New Ethics Rules Address Law Firm Managers and Supervisors
By Carole J. Buckner
Carole J. Buckner is a partner and general counsel at Procopio, Cory, Hargreaves & Savitch LLP in San Diego.
Effective November 1, 2018, California's new Rules of Professional Conduct (RPC), will become applicable to all California attorneys. The new RPCs include both significantly modified rules and entirely new rules. One new series of rules applicable in California for the first time includes Rules 5.1, 5.2 and 5.3, governing law firms and associations and addressing responsibilities of managerial, supervisorial, and subordinate attorneys. Rules 5.1 and 5.3 bring a new focus to established ethics concepts. Law firms large, medium, and small, should reassess their operations to assure compliance.
Although new to California, the American Bar Association Model Rules of Professional Conduct include a similar but not identical series of rules. Given the similarity, out-of-state case law and ethics opinions can provide some insight into likely interpretation and application of the rules in California.
Rule 5.1 addresses the responsibilities of managerial and supervisory attorneys to assure compliance with ethics rules and law. The rules recognize that ethics compliance starts at the top. Attorneys in managerial roles are required to make "reasonable efforts to ensure that the firm has in effect measures giving reasonable assurance that all lawyers in the firm comply with" the Rules of Professional Conduct and the State Bar Act.  Comment  explains that efforts must be made to "establish internal policies and procedures" for the law firm. Comment  points out that these are rules for which State Bar discipline can be imposed.
Some examples of reasonable measures are referenced in the comments to the rule, including thorough policies and procedures pertaining to conflicts of interest, procedures for calendaring and tracking deadlines, supervision over handling client funds and property, and supervising inexperienced lawyers. A law firm's structure, types of practice, size and location or jurisdiction will determine what is "reasonable" and the policies required, and more extensive procedures may be appropriate for larger firms. Other areas that should be given thorough consideration include internal mechanisms to address lawyer impairment, procedures for lawyers leaving the firm, and policies and procedures for handling data and the use of technology to protect confidential client information. Another important area is dealing with excessive workloads of attorneys, particularly in public agencies and legal departments.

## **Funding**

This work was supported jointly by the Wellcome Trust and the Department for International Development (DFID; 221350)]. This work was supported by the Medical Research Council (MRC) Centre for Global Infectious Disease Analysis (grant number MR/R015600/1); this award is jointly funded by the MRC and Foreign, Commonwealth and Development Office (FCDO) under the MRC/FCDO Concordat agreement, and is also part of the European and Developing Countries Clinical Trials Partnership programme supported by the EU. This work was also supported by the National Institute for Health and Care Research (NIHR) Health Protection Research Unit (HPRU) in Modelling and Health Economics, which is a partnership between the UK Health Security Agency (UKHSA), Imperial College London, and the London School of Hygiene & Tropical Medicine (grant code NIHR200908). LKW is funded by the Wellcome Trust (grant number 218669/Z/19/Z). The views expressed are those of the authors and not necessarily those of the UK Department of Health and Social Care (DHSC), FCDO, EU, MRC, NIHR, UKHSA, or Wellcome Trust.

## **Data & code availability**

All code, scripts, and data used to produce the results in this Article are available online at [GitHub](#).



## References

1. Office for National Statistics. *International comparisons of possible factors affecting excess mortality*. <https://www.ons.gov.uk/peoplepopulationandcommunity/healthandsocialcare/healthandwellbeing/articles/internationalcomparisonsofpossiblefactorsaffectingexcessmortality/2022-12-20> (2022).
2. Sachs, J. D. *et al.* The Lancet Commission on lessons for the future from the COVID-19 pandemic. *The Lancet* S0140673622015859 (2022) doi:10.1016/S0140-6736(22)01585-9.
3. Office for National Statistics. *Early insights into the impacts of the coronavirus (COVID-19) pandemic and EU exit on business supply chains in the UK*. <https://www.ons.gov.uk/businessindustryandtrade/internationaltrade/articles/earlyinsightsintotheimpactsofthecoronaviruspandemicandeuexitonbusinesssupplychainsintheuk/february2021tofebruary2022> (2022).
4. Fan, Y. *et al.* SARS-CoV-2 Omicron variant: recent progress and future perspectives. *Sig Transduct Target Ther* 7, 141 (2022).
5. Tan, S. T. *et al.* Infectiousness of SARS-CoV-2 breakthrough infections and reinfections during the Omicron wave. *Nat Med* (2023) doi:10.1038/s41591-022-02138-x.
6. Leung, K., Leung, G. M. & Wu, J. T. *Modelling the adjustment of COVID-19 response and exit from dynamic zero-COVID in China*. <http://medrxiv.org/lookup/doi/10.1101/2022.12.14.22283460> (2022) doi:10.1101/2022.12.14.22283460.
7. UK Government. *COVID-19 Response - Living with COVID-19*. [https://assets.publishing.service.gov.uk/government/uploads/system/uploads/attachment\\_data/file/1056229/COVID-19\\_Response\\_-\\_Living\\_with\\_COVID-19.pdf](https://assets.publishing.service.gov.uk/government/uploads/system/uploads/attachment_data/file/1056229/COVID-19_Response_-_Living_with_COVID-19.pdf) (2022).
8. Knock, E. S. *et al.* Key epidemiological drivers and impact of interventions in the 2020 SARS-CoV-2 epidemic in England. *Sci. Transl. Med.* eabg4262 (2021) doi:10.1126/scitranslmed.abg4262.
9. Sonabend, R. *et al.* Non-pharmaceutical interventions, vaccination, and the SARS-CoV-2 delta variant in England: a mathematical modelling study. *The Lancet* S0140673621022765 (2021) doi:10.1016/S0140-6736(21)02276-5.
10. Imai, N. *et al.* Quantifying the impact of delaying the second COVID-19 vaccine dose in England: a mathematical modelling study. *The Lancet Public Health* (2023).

Under new Rule 5.3, a lawyer's supervisory responsibilities continue to extend to non-lawyer assistants. The obligations are similar as far as making reasonable efforts to put effective measures in place to ensure that non-lawyers comply with applicable ethics rules. One important area is supervision of a law firm's client trust account. A lawyer was privately reprimanded for lack of supervision after his wife, acting as the firm's bookkeeper, wrote herself more than $22,000 in checks from the client trust account.
One way for a lawyer with intermediate managerial responsibility to satisfy the requirements applicable under Rule 5.1 is to designate a managing partner or management committee that holds the requisite authority and is charged with that responsibility. However, individual lawyers must take corrective action if the lawyer knows that the delegated managers are not implementing the measures required by Rule 5.1.
Individual attorneys with direct supervisory authority over another lawyer must make "reasonable efforts to ensure that the other lawyer complies with those rules and the State Bar Act." A similar obligation applies to manage or supervise non-lawyer personnel to comply with the professional obligations of an attorney. Whether one lawyer has such direct supervisory authority over another can depend upon the particular factual scenario involved. In one reported decision, an attorney was suspended for 60 days for failing to supervise a recent law school graduate after the inexperienced lawyer gave incorrect legal advice, resulting in harm in the amount of nearly $10,000 to the client. An organized system for periodic review of the work of a new admittee is appropriate.